Bloomberg News

Lloyds Says 71% of Corporate Property Unit’s Loans Impaired

February 26, 2012

(Updates with type, location of assets in sixth paragraph.)

Feb. 24 (Bloomberg) -- Lloyds Banking Group Plc, the U.K’s largest mortgage lender, said 71 percent of the loans in its corporate real-estate business support unit were impaired at the end of 2011 as tenant defaults hurt asset values.

Troubled loans accounted for about 15.2 billion pounds ($24 billion) of the unit’s 21.3 billion-pound book as of December, Lloyds said in a statement today. The division helps distressed businesses avoid closing by restructuring and selling loans.

“With a significant proportion of our assets supporting property investments, tenant default is an area of continuing vulnerability especially where the lending is underpinned by secondary or tertiary assets,” the bank said.

Lloyds booked provisions of 5.63 billion pounds for impairments at the unit last year. A year earlier it made 8.09 billion pounds of provisions, equal to 46.2 percent of the unit’s impaired loans. The unit sold 4.8 billion pounds of real estate through 2011 and has restructured 5 billion pounds of loans to give customers longer to repay them.

“Outside of London and the Southeast, activity in the corporate real estate market remains weak, in part due to declining values and the focus on only prime properties and prime tenants,” Lloyds said. “With a continuing high level of loan maturities due over the next few years, refinancing risk remains a market-wide issue.”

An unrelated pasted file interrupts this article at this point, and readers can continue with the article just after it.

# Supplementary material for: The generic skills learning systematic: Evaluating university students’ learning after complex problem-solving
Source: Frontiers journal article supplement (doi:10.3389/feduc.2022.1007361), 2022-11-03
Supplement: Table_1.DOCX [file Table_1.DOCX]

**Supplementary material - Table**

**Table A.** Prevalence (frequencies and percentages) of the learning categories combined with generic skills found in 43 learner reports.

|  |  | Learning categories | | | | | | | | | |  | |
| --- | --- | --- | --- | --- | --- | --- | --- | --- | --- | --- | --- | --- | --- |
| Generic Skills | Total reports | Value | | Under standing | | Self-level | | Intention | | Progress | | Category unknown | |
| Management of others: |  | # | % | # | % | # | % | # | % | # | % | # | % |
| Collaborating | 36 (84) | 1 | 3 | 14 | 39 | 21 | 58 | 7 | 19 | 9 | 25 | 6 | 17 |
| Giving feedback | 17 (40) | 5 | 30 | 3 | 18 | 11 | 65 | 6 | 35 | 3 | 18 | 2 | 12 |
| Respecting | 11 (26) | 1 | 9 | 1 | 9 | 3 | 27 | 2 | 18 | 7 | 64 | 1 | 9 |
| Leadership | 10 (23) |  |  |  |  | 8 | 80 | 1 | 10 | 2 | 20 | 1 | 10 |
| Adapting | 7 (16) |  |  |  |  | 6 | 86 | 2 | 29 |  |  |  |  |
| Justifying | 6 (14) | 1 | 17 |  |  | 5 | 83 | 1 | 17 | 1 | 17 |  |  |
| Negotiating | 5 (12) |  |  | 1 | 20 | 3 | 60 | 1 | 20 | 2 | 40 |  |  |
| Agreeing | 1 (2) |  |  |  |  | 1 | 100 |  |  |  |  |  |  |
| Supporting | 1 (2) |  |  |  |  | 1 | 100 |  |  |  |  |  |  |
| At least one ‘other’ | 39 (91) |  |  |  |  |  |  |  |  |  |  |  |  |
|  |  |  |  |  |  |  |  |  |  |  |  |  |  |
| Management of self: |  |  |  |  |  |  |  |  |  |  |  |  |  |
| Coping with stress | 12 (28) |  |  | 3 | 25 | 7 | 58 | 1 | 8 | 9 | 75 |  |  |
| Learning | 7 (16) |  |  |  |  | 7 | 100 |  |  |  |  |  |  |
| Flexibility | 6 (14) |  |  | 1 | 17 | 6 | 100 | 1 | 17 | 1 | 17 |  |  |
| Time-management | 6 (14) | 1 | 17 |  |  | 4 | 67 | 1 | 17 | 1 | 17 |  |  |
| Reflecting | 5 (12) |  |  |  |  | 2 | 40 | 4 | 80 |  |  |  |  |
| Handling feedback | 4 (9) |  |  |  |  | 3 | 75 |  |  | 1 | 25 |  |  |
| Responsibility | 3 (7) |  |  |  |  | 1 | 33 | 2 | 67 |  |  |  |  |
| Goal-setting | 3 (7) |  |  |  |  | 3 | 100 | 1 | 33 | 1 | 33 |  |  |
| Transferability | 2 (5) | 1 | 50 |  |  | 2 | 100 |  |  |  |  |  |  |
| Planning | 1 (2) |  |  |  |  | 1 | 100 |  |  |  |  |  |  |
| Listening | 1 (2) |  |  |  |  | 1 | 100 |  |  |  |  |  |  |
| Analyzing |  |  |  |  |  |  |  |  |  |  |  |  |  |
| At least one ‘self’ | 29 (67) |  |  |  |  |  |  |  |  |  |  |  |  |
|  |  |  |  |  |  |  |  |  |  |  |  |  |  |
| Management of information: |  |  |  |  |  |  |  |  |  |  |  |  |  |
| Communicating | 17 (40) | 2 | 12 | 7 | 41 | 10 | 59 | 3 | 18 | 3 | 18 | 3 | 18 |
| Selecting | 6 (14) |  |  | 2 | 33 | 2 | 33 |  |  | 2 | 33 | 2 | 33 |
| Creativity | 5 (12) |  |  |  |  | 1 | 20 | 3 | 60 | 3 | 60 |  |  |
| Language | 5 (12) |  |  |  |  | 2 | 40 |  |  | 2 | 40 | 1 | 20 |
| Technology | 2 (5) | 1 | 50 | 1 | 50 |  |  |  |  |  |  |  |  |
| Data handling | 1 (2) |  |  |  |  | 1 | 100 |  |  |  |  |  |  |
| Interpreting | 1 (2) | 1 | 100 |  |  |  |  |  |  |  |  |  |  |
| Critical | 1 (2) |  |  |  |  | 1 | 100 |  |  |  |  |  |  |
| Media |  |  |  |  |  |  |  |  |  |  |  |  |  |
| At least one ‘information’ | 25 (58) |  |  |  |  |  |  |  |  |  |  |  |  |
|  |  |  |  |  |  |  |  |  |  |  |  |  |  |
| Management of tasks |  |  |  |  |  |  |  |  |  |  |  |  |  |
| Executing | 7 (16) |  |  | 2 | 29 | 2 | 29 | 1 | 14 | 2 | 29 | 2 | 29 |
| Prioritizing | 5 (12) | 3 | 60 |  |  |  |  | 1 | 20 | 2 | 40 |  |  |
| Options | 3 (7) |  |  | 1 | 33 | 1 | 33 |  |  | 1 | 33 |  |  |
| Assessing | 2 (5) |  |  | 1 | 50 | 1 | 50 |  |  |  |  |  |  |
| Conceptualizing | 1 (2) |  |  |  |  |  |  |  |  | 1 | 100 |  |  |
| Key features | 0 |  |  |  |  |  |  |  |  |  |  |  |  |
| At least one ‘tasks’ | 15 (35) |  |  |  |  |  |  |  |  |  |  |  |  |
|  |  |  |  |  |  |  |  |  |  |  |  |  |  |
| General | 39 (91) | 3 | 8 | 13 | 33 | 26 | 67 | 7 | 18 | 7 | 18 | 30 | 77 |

Properties outside London made up 80 percent of the unit’s disposals by value last year, Richard Dakin, its managing director, said by telephone. About 12 percent of all the assets sold by the unit in 2011 were valued at less than 5 million pounds each.

Lloyds reported a 2011 net loss of 2.8 billion pounds today, wider than the previous year’s loss of 320 million pounds. Chief Executive Officer Antonio Horta-Osorio announced an additional 200 million pounds in cost savings by 2014.

--Editors: Ross Larsen, Andrew Blackman.

To contact the reporter on this story: Neil Callanan in London at ncallanan@bloomberg.net.

To contact the editor responsible for this story: Andrew Blackman at ablackman@bloomberg.net.


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